According to a recent report by sources inside Iran, prison conditions have become deadly in the Central Prison of Karaj, 20km north of Tehran, since the previous head of the prison infirmary was replaced by Dr. Pajman Adeli in February 2014.
Basic and prescribed medications have been discontinued; prisoners are not transferred to hospitals during medical emergencies; prisoners are denied examination by the prison physician for ailments, and medications for mental disorders have been replaced with methadone. Access to special diets required by prisoners with medical conditions such as diabetes has also been stopped.
For the past three decades, there has been much documentation regarding human rights violations against political prisoners in Iran but there has been a shortage of news about the conditions and treatment of prisoners. In recent months, however, human rights activist Mitra Pourshajari obtained such a report about the Central Prison of Karaj, which houses mainly non-political prisoners with a few exceptions.
Gohardasht Prison, Karaj, Iran. (Image source: Ensie & Matthias/Flickr)
"These prisoners come from extremely poor families and many of them do not have anyone to speak up for them. They also do not have the means to contact us; as a result, many of them are dying from ill treatment, neglect and absolute lack of medical care without anyone noticing," she said in an interview.
"Perhaps most shocking," she continued," is that medications such as anti-anxiety and anti-depressants have been cut off for prisoners with mental disorders and replaced with methadone, which has been made easily accessible to prisoners in unlimited amounts. As a result, many have died from an overdose; about two-to-three deaths per week have been witnessed by sources in the last few months, and the numbers may be increasing."
Prisoners have also apparently died by other means. Mr. Ali Eblami, for example, a prisoner in his early thirties, was stabbed during a prison brawl and bled to death because prison authorities refused to transfer him to a hospital.
According to the sources, Dr. Adeli regularly denies medical treatment to those complaining of ailments after "visually" examining them with a "glance," and declaring the majority of prisoners "in good health" and "not in need of medical care." He has reportedly denied prisoners medications for heart disease and other serious health issues; he cites "financial difficulties," even though each prisoner is signed up upon arrival for mandatory health insurance paid for by the government.
"Upon admission into the facility," according to Ms. Pourshajari, "each prisoner is given an ID card and health insurance by the government to cover medical care. No one knows where this money is going, because according to a lot of documents, a large number of prisoners in Iran -- both political and non-political -- are being denied medical care. Many have died or are dying. In this prison, in particular, even basic medications such as Tylenol, cold medication, etc; have been discontinued and are no longer accessible to prisoners in need. There are no rules or standards implemented in prisons, and with everything left at the discretion of the head physician, prisoners are left vulnerable to neglect."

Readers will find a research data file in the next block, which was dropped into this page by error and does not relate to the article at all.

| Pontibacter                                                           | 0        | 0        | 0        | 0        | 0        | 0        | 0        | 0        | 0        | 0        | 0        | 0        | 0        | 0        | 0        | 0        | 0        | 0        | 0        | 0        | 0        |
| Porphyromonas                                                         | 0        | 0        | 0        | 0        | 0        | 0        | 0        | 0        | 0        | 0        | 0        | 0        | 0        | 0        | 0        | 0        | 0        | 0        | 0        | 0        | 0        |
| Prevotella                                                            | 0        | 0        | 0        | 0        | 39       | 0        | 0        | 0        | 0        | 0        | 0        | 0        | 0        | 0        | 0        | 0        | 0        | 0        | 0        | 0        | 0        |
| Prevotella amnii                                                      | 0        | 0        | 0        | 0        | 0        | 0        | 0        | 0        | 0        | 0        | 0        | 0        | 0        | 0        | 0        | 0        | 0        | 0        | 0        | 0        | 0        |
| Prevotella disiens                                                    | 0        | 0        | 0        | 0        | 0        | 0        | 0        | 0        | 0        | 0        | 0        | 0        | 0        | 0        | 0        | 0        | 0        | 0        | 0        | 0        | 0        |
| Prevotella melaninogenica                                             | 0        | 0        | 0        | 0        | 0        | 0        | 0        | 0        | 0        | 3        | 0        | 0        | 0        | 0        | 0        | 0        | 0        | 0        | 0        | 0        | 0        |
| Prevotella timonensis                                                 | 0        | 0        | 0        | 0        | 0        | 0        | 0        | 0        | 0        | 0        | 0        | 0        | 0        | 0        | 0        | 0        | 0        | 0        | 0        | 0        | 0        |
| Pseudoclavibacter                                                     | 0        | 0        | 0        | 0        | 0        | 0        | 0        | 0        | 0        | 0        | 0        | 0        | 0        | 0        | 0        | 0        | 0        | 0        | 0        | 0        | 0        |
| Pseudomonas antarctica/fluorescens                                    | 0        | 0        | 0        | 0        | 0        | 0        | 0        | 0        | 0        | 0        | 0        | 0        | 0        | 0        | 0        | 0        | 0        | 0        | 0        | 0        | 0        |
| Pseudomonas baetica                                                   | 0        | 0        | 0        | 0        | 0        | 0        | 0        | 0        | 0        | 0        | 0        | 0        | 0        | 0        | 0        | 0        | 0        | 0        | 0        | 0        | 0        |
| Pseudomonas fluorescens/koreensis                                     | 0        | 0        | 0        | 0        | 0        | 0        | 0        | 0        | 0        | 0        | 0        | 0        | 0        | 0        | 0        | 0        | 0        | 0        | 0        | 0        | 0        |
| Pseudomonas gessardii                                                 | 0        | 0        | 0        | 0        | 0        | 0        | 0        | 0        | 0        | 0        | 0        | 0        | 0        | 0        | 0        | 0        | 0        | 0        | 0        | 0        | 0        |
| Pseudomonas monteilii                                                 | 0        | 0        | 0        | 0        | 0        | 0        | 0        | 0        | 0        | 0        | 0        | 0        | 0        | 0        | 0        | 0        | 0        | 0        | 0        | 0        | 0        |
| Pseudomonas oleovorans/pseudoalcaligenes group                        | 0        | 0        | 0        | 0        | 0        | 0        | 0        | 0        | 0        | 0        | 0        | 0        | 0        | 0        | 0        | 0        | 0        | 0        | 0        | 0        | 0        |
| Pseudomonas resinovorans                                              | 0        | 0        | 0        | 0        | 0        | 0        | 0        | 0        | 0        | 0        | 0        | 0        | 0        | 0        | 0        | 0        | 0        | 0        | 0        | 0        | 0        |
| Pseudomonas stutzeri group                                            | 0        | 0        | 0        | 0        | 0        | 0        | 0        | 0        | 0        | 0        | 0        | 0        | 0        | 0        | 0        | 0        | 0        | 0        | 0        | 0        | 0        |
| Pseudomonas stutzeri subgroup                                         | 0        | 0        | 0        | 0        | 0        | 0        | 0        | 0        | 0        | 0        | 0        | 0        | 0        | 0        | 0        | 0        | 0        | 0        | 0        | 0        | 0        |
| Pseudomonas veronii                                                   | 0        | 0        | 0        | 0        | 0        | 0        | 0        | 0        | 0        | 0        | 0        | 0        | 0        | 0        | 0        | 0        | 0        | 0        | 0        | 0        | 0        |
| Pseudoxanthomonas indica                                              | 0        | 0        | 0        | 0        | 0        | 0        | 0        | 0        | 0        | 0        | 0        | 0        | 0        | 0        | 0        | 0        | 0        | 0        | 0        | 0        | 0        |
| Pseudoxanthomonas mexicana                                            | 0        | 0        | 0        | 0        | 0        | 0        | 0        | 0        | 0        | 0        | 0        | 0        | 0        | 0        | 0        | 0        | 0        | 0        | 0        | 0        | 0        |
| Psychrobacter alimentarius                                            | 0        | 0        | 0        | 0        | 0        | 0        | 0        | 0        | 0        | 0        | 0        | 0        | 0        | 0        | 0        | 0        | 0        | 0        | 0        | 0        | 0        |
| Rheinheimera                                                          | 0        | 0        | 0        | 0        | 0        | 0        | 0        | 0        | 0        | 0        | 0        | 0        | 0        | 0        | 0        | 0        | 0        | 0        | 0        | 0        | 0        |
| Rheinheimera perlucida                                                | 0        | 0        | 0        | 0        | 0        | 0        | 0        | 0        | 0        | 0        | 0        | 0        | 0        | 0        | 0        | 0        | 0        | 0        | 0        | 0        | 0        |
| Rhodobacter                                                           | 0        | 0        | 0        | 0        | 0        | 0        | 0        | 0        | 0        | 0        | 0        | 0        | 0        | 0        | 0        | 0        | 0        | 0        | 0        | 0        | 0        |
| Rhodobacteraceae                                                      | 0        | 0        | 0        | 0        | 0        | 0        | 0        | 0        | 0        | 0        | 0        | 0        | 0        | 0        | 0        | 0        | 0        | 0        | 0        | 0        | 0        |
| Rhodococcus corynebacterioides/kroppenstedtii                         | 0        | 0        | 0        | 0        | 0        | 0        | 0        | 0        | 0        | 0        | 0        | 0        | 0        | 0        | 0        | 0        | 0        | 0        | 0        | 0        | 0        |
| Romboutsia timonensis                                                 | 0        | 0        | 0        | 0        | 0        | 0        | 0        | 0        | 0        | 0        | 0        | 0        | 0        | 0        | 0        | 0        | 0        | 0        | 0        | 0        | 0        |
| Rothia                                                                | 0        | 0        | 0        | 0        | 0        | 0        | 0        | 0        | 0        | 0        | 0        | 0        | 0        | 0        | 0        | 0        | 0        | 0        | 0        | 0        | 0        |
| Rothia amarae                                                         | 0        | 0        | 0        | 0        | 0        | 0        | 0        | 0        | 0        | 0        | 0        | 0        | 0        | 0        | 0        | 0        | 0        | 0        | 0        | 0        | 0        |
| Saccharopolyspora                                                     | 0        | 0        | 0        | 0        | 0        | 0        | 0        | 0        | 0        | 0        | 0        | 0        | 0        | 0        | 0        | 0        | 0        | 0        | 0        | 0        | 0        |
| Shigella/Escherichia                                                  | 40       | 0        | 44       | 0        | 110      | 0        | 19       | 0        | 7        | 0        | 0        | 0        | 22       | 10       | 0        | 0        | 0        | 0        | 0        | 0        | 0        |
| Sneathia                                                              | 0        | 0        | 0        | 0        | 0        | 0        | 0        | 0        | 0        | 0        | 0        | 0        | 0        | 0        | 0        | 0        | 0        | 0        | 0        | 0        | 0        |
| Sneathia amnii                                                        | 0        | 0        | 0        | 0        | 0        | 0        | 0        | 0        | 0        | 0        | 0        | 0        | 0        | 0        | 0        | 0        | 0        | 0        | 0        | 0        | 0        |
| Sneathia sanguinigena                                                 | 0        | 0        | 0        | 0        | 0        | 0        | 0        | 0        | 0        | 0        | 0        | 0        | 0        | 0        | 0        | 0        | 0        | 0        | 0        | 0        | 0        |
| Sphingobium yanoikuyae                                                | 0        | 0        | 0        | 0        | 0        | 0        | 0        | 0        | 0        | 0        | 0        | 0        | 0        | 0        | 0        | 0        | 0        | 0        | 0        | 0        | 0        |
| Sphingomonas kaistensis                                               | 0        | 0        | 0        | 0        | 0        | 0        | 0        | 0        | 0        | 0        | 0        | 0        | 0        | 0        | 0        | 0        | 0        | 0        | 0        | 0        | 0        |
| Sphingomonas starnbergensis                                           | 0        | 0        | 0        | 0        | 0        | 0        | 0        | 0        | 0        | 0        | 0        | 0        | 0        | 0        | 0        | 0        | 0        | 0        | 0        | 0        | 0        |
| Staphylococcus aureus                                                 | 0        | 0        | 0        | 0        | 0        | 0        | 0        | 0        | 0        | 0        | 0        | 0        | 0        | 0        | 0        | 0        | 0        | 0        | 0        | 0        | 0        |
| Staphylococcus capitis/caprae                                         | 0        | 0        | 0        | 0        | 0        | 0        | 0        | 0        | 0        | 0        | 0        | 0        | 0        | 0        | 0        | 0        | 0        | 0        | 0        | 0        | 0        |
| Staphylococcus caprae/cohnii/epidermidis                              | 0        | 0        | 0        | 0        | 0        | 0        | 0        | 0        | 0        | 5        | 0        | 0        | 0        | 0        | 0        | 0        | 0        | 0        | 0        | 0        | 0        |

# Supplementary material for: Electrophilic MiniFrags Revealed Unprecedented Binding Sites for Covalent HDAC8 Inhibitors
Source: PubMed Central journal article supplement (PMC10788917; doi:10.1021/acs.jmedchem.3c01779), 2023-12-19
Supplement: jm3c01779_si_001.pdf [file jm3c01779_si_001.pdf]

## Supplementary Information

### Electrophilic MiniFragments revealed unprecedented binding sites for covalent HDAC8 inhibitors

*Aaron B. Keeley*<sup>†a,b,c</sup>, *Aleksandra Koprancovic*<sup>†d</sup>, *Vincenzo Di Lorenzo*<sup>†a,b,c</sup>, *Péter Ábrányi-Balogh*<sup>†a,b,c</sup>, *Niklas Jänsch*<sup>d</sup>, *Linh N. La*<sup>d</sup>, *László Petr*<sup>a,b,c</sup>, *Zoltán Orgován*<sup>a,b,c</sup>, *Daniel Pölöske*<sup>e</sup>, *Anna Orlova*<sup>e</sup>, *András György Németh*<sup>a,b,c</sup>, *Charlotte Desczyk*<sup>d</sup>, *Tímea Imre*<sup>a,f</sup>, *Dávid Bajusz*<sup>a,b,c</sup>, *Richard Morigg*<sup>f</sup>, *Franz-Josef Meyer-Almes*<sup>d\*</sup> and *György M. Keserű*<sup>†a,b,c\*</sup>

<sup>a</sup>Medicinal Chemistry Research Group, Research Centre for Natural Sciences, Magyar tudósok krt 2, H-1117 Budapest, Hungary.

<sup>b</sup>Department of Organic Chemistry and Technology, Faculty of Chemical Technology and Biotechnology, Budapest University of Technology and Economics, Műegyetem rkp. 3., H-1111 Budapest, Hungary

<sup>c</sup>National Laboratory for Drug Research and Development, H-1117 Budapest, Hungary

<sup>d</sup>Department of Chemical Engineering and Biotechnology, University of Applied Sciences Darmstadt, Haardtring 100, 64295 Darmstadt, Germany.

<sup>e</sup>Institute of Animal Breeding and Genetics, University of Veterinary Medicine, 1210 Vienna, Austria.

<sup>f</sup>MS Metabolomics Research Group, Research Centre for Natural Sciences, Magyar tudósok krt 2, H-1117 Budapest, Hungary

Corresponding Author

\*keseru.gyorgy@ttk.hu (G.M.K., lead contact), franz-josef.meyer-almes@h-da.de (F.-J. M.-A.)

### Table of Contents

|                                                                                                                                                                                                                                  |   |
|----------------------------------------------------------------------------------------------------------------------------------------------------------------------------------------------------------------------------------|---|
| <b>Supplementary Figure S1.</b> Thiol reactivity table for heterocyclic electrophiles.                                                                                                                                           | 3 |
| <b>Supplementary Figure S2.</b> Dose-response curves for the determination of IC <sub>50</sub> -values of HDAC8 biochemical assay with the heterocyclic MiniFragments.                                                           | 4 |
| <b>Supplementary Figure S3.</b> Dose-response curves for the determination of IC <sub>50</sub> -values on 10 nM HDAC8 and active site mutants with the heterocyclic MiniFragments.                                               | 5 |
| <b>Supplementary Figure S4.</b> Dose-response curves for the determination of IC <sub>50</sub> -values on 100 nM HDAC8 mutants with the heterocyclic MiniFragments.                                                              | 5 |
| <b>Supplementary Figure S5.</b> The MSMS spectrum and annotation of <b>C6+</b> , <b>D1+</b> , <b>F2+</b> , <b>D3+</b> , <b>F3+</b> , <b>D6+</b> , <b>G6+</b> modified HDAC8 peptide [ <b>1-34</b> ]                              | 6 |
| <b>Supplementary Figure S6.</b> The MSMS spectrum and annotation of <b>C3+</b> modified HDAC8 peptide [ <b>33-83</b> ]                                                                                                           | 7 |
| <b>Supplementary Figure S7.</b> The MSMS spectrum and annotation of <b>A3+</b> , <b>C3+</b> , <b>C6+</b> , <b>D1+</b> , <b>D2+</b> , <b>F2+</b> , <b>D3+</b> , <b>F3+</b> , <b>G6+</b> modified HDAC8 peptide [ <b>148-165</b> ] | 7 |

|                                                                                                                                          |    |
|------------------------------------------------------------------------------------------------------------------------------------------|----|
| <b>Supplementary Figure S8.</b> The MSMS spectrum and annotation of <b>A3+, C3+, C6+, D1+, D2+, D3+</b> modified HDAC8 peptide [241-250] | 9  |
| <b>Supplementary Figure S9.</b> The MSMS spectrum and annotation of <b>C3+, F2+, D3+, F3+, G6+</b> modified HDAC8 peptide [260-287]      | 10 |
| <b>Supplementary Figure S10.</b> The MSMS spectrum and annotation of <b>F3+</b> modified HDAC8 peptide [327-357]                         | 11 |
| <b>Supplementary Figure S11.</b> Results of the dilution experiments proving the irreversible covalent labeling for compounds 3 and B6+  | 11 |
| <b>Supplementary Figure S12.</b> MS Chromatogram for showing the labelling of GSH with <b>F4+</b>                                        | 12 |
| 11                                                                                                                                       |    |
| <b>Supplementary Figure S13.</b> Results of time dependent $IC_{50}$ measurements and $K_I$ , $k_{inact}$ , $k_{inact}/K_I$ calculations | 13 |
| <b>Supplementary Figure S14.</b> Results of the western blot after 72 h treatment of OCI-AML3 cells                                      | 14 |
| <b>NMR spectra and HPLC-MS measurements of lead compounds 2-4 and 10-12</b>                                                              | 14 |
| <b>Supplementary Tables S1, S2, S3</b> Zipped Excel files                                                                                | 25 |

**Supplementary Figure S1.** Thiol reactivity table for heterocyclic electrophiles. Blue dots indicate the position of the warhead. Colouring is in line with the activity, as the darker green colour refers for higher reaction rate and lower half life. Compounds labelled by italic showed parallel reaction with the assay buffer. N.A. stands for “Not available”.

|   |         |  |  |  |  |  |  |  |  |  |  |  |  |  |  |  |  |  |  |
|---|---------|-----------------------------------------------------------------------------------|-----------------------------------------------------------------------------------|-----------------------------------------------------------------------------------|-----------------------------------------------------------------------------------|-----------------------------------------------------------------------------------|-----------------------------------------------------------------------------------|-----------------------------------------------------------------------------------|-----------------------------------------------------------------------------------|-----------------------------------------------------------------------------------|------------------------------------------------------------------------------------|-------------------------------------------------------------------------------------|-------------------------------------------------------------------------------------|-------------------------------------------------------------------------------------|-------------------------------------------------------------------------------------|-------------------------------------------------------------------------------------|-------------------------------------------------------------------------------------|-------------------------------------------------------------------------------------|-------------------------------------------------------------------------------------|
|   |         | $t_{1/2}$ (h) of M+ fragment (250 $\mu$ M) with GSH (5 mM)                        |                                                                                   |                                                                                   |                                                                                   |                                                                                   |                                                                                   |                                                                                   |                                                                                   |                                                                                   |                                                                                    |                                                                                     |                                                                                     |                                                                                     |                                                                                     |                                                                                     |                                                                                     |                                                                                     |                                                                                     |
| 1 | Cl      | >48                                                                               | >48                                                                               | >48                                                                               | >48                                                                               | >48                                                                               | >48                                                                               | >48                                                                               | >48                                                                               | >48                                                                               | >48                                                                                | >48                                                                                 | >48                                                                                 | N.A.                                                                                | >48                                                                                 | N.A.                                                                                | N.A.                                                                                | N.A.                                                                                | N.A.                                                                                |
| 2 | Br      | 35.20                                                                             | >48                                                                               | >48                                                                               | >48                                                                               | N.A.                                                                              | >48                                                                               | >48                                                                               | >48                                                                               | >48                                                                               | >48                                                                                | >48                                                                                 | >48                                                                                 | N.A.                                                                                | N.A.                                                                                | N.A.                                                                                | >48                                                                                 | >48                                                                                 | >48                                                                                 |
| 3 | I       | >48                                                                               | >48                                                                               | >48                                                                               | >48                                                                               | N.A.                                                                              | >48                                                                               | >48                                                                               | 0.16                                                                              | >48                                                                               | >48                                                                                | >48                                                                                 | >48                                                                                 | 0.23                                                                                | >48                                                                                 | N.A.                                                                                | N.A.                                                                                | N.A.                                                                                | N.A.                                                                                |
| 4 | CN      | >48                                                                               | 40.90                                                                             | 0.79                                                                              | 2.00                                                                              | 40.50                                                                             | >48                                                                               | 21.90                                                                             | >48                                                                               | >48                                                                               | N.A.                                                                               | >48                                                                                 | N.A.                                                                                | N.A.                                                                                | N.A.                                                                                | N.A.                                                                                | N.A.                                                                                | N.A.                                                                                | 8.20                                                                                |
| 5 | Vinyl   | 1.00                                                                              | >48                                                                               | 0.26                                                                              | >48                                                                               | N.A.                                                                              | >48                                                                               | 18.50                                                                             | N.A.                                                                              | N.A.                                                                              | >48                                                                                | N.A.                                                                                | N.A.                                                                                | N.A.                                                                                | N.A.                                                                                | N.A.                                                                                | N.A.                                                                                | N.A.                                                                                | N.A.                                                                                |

The Lancet, one of the most respected and oldest general medical journals dedicated an article to this topic on May 5, 2012. According to the article, both Amnesty International and Physicians for Human Rights [PHR] have spoken of their grave concerns about Iran's withholding of medical care in order to silence dissidents and to make an example of these prisoners by "breaking peoples' spirit".
In 1955, the United Nations adopted the Standard Minimum Rules for the Treatment of Prisoners, describing the minimum conditions suitable to the United Nations. Paragraph 22 requires that prison medical services should be organized in close relationship with outside medical services, as restated in a 1990 Resolution establishing Basic Principles for the Treatment of Prisoners: "Prisoners shall have access to the health services available in the country without discrimination on the grounds of their legal situation".
The 1988 United Nations Resolution "Body of Principles for the Protection of All Persons under Any Form of Detention or Imprisonment" goes further, holding in Principle 24 that "medical care and treatment shall be provided whenever necessary. This care and treatment shall be provided free of charge.
It must be emphasized that all convictions in the Islamic Republic of Iran -- from imprisonment to the death penalty -- for the trials of both political and non-political prisoners, are based on 7th century Islamic laws, which fall dramatically short of international standards. Trials reportedly last only minutes -- without lawyers, evidence or jury, and with Islamic senior clergy as presiding judges. They have no formal education in the field of law. Therefore, under International law, each and every sentence handed down by Iranian courts is, or should be, illegal. The government of Iran however claims that every legal option is routinely provided for defendants -- a claim totally contrary both to eyewitness accounts and human rights documents gathered over the last 35 years. As such, it could be concluded that all prisoners, even those justly convicted of crimes, are imprisoned illegally in the Islamic Republic of Iran.